September 8, 2004
AOPA will lead the advisory committee that will set key standards for unmanned aerial vehicles (UAVs) flying in U.S. airspace.
"We volunteered for this job because we want to make sure that these unmanned aircraft don't have an impact on our members, literally and figuratively," said Andy Cebula, AOPA senior vice president of Government and Technical Affairs. "Before UAVs are ever released into general airspace, they'll have to be able to do what a pilot in a Cessna 172 does - see and avoid other aircraft, operate within the confines of today's ATC system, and operate without special conditions or special services such as being able to deal with emergencies without endangering other aircraft."
AOPA has accepted the role as co-chair of RTCA's Special Committee 203, which will in essence write the UAV certification standards. RTCA is a private, not-for-profit membership organization that functions as a Federal Advisory Committee. RTCA advisory committees bring together government, industry, and academic experts to develop recommendations to be used by the FAA and the aviation community.
UAV operations in the U.S. are currently very limited. The drones fly within special-use airspace, either restricted areas or military operations areas. Outside of such airspace, UAV operations must have a "Certificate of Authorization" approved by both the air traffic and flight standards branches of the FAA. The operations have to be conducted within strict parameters, including using chase planes and/or ground spotters to monitor their activity.
AOPA has consistently advocated that UAVs must be as safe as piloted aircraft (See " No UAV close encounters.")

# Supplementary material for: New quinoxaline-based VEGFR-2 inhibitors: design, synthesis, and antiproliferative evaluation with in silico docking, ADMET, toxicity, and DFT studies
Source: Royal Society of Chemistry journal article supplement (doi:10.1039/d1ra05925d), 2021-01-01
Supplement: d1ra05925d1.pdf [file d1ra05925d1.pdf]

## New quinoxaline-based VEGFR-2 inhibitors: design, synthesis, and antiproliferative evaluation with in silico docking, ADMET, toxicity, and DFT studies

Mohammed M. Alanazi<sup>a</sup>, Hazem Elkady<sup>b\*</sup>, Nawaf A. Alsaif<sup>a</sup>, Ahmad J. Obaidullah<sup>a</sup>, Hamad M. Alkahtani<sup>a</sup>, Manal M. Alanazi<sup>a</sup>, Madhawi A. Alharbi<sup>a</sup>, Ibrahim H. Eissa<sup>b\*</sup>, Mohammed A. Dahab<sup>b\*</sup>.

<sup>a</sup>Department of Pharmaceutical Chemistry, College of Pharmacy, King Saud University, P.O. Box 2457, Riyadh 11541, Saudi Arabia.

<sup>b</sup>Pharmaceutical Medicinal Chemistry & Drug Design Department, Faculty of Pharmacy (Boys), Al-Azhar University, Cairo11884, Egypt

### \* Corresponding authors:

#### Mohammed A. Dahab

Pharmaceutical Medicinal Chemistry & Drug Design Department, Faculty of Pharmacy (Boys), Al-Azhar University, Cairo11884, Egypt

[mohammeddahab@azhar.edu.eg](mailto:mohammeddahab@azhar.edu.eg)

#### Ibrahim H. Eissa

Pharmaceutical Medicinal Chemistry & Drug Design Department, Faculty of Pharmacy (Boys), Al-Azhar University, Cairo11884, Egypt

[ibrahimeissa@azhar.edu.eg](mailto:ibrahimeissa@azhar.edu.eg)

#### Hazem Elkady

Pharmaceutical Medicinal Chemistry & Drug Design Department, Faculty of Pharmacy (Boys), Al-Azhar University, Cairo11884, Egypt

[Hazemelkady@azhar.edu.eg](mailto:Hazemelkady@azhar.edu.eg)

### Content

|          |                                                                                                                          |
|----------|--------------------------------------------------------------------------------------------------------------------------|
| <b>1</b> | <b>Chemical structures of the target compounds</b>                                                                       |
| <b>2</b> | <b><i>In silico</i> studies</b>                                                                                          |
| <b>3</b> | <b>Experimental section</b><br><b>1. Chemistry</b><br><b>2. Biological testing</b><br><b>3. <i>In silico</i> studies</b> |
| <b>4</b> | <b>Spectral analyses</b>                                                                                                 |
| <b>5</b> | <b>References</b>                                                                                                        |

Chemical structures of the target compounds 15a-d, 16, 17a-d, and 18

"Currently there are no UAVs or UAV pilots certified by the FAA," said Randy Kenagy, AOPA senior director of advanced technology and co-chairman of the UAV advisory committee.
"There's no doubt that UAVs are coming, and there is increased pressure on the FAA to approve their operation in the system. It is critical that these unmanned aircraft do not endanger other aircraft or result in restricting airspace. We will develop consensus standards involving both the UAV community and existing airspace users," said Kenagy.
There are some tough hurdles to jump before UAVs can share our airspace.
"Consider operating from a public-use airport," said Kenagy. "The UAV not only will have to 'detect and avoid' other aircraft, it will have to fit into the traffic pattern and communicate its intentions to other pilots."
Then consider emergencies. Some plans call for UAVs to fly at very high altitudes, well above general aviation and commercial airline operations. But what happens if there is an engine failure, and the aircraft has to descend through civilian traffic?
"Our benchmark for the standards will be a piloted vehicle operating VFR," said Kenagy. "Only when a UAV can fit into the system with the same level of safety will it be ready to share our airspace."
August 9, 2004
Only 10 percent of the aircraft excise taxes that Washington aircraft owners pay go to the Washington State Division of Aeronautics, while the other 90 percent go into the general fund. AOPA is advocating for legislation that would direct 100 percent of the tax to aviation use.
A Seattle pilot on a ferry flight from California to Maui deployed his airframe parachute near Hawaii and was videotaped by the Coast Guard.
Piper’s latest edition of the Meridian pressurized turboprop features updated avionics and six seats in club configuration for $2.26 million.
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